Bernard Herman, Mongrel Scribbler

Madder Gala, Cartomancy and Chiromancy

released on Rustle VV

This is the second of two reviews (see first review) covering the work of the Brooklyn based cassette label Rustle VV. Here I’ll look at Bernard Herman’s Mongrel Scribbler and Cartomancy and Chiromancy by Madder Gala.

Both cassettes have the same simple black and white artwork, slightly disturbing images, very distinctive. Mongrel Scribbler has the catalogue number scratched on the side of the cassette. Cartomancy and Chiromancy has only one side of music. These quirks and oddities are part and parcel of the Rustle VV artistic experience. The more essential part, the music, manages to live up to expectation.

Mongrel Scribbler’s eight tracks share a specific bundle of common features. All are characterised by the twisted, unhinged, slightly psychotic high tenor voice of the artist, presumable Bernard Herman. At various times, this voice and its various ravings brings to mind a range of possible influences: the tone and imagery of Jim Morrison’s poetic efforts (Bitten by a Snake, From Home to Home), sung in a weedy anguished NY voice; some of Beefheart’s more personal peregrinations; nuances of Robert Plant before a Zeppelin-esque explosion (Short Haired Woman); various new romantic affectations, from Bowie to Gary Numan via David Byrne (Deliverance, Outside Gates of Heaven). All of which seem to emanate from a performance in the avant-garde tradition (yes, there is one) brought together in Warhol’s sitting room.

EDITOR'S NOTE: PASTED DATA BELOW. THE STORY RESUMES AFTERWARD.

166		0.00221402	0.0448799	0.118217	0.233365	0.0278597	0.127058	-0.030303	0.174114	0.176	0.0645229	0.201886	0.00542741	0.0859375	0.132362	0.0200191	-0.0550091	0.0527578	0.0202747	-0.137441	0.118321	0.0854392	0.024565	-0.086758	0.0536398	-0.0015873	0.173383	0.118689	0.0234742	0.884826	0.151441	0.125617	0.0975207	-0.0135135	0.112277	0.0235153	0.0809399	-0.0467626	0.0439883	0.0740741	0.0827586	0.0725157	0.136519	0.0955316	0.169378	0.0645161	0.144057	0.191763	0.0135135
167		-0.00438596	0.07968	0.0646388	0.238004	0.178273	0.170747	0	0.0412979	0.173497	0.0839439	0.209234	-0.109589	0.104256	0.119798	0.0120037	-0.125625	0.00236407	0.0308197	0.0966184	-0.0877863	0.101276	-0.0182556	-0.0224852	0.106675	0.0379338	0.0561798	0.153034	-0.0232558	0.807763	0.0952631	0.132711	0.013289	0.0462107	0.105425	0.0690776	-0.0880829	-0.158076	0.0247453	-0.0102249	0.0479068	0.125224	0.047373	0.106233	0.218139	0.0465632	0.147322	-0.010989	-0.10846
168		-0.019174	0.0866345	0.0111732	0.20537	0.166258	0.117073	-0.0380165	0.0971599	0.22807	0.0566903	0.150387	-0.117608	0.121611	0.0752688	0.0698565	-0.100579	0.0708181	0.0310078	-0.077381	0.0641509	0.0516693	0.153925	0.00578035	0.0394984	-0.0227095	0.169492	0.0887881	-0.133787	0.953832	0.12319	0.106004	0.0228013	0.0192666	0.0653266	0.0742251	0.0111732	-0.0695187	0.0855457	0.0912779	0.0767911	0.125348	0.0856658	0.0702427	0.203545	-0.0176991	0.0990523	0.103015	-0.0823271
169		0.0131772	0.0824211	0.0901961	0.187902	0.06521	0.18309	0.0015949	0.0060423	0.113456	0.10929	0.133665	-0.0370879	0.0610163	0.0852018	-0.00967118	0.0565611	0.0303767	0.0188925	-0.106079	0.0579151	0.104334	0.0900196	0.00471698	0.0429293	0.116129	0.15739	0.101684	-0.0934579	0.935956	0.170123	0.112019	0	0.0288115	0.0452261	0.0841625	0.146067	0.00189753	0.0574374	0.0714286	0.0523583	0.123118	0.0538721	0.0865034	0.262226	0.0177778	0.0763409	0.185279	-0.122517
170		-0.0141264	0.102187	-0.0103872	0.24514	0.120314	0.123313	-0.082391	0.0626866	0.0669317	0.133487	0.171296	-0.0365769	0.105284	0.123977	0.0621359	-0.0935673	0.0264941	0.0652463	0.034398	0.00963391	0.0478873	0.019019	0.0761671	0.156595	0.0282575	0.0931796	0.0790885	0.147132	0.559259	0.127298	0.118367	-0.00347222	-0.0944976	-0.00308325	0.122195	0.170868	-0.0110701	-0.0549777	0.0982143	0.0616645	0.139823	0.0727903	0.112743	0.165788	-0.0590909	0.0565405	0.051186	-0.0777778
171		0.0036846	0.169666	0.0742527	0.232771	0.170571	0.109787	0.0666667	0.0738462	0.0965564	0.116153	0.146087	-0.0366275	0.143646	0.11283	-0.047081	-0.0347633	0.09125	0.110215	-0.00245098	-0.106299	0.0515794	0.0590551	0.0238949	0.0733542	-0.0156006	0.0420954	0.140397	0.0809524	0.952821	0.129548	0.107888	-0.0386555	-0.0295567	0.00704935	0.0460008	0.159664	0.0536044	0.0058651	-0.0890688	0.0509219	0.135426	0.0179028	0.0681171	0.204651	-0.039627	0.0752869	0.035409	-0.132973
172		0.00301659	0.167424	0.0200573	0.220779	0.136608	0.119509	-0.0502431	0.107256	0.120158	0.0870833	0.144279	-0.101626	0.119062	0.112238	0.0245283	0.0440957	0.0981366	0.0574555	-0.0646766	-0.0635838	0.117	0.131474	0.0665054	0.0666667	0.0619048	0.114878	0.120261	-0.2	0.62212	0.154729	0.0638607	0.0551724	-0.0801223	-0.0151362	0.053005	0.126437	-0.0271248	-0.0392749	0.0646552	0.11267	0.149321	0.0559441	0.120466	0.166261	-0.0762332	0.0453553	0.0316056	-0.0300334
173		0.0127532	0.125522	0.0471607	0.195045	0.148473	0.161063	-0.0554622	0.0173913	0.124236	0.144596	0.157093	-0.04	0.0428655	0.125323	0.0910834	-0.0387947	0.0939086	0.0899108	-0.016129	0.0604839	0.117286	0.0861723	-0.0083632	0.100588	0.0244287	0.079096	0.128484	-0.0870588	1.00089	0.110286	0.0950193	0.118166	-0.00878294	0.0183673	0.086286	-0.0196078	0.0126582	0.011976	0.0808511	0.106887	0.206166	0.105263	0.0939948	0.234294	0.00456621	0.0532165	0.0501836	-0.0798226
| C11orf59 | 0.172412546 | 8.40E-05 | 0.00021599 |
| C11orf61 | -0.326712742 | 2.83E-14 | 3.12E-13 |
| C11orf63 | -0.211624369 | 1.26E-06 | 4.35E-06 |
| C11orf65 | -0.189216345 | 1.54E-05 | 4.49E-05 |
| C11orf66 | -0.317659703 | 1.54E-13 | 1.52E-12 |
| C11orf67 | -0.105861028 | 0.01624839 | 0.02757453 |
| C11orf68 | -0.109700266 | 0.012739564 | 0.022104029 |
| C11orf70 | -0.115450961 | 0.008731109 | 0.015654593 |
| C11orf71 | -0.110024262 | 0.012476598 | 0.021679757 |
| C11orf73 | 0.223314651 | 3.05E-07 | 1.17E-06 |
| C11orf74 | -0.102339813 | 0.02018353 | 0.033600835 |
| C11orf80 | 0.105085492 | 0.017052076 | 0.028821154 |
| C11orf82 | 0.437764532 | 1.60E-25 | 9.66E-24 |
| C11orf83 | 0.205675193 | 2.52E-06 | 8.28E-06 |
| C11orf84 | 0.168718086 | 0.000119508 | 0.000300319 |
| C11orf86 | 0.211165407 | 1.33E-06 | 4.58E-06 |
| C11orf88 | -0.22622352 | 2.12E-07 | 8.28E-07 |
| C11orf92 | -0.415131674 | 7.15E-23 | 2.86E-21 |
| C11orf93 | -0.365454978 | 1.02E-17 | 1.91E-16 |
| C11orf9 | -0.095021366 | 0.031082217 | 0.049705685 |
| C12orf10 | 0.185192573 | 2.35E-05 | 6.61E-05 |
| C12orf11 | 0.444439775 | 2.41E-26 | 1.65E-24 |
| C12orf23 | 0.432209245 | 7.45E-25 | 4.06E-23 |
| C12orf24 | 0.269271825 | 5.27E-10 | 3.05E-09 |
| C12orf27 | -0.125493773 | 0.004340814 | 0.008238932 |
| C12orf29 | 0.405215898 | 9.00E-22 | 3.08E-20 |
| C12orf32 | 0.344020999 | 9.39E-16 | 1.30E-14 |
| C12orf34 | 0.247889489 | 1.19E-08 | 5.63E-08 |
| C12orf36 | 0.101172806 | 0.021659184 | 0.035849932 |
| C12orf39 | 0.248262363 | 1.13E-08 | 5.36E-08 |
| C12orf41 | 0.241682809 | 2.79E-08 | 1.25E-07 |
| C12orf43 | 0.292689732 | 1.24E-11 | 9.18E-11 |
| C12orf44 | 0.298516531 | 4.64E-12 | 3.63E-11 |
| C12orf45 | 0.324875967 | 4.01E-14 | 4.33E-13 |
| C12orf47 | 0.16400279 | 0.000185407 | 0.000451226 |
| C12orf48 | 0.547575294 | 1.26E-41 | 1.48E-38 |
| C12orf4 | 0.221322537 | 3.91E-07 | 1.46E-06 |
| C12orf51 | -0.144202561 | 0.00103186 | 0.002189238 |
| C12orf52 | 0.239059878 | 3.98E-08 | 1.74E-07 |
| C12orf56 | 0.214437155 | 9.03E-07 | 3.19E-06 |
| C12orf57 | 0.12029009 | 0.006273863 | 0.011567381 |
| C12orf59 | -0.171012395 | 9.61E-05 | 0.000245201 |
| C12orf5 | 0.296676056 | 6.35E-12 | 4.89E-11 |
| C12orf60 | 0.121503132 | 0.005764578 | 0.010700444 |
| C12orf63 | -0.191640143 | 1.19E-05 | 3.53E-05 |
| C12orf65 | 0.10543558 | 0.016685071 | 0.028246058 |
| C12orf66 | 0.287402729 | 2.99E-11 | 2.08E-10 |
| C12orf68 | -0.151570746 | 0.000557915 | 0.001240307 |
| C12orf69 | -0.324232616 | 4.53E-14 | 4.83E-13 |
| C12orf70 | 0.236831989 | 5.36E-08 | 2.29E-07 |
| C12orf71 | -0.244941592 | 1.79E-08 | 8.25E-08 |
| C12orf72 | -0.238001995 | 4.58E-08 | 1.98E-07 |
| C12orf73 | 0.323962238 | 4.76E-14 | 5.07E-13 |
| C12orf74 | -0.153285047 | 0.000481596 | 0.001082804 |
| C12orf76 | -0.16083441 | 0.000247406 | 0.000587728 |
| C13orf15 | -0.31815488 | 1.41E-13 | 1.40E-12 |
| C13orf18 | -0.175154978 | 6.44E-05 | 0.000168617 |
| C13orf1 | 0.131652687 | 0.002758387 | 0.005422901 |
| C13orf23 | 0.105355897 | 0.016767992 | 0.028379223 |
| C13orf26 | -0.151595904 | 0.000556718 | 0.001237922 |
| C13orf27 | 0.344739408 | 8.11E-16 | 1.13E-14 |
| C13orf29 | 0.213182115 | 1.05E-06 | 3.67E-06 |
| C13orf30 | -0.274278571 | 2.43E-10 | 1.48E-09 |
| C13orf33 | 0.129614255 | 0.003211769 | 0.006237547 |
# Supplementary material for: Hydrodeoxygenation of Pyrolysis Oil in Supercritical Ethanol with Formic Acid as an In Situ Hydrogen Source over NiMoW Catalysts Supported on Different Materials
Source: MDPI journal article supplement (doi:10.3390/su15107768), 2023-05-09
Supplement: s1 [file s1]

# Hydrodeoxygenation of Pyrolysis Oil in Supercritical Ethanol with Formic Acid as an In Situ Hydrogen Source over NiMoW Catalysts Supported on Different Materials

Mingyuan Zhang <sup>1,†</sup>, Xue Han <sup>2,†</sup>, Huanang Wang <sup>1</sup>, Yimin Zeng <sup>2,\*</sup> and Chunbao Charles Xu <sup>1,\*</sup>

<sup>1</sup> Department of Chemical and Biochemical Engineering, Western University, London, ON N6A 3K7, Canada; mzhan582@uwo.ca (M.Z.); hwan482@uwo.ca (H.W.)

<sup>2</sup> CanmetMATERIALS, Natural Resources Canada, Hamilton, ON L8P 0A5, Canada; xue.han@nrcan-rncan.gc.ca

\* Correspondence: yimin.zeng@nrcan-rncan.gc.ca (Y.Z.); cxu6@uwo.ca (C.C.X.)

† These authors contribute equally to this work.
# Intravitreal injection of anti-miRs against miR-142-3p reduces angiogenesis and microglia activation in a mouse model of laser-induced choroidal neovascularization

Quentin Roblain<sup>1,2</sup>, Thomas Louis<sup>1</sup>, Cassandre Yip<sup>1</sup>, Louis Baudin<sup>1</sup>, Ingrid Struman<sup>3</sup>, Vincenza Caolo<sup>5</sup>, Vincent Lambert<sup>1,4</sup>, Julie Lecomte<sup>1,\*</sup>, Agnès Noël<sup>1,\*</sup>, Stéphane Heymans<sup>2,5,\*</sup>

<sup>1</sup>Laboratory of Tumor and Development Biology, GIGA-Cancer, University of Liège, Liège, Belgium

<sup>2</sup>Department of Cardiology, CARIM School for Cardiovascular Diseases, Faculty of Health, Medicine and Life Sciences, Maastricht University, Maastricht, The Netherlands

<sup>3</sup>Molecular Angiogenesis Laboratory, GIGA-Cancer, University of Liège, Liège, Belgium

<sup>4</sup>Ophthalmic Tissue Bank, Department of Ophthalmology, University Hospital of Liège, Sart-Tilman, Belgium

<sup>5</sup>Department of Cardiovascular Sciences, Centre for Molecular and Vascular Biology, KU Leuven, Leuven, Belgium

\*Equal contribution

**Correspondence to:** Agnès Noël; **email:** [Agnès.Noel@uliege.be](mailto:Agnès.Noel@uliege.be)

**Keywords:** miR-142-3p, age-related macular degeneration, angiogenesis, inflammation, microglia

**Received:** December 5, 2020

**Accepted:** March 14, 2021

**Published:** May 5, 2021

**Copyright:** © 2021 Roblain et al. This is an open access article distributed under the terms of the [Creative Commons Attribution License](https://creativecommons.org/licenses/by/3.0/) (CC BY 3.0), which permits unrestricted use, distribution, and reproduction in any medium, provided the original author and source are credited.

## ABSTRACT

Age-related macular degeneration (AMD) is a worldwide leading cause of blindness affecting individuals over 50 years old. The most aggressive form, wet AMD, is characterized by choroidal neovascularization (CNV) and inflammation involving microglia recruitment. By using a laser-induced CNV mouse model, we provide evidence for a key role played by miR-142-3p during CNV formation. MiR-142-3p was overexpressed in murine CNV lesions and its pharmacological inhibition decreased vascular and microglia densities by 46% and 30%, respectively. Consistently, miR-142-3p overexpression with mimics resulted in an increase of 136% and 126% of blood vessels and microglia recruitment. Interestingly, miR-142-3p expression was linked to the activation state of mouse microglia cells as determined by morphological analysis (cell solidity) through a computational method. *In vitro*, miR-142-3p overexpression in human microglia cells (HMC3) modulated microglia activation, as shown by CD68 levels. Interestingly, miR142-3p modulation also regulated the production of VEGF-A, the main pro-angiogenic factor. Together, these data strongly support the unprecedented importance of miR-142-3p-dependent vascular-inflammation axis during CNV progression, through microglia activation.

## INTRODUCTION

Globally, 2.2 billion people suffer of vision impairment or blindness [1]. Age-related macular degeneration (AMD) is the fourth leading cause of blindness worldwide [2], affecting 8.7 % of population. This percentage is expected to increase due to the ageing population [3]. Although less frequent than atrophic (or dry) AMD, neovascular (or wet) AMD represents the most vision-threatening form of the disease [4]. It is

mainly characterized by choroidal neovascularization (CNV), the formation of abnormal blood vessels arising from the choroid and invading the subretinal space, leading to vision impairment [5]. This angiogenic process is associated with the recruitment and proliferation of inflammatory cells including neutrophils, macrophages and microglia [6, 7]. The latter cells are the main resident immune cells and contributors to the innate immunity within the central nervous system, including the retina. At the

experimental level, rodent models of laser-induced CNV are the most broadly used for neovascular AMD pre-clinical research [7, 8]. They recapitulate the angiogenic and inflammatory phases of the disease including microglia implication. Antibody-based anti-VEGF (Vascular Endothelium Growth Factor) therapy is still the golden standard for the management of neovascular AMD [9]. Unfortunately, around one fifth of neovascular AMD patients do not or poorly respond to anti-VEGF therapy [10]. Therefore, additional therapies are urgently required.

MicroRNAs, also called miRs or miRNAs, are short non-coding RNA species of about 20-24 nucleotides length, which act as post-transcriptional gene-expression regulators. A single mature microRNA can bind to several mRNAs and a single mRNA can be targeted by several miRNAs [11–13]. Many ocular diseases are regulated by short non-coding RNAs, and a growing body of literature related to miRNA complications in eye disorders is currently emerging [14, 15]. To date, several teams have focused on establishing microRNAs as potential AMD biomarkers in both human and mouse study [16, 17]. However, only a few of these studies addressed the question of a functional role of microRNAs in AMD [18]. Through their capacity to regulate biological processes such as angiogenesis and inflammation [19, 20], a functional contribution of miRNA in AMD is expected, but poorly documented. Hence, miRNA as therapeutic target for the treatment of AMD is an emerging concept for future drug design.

Some of the most successful passages are held together thematically by alluding, cleverly or sensibly, to religious imagery drawing on the darker morality of the Old Testament, inviting comparisons with Blues and Gospel declamatory styles, especially in Outside Gates of Heaven in which the principal voice is layered with a deeper voice to set up something resembling a call and response liturgy.

In contrast to these songwriting strengths we have the simplicity and effectiveness of the musical accompaniment. Simple synth pads and twinkly embellishments, light effects, some sparse percussion, the occasional double tracked vocal line, used sparingly and with focus and direction – all these manifest an easy command of a few musical resources put to good use. In fact it’s the sharp focus of this album that left the strongest impression.

Madder Gala’s, Cartomancy and Chiromancy is (I think) one long piece because it begins and ends with similar material, evidence of some sort of structured composition. This work is characterised by the use of loops and short samples, from 4 note piano motifs to cello phrases, tinkly beats, looped voices, synthy or field recording instrumental sound. The vocal passages might come from an old 78 or from a random radio broadcast. A careful use of enveloping helps the different elements emerge and recede, changes of mood and direction suggest a vast dreamscape with intriguing connotations.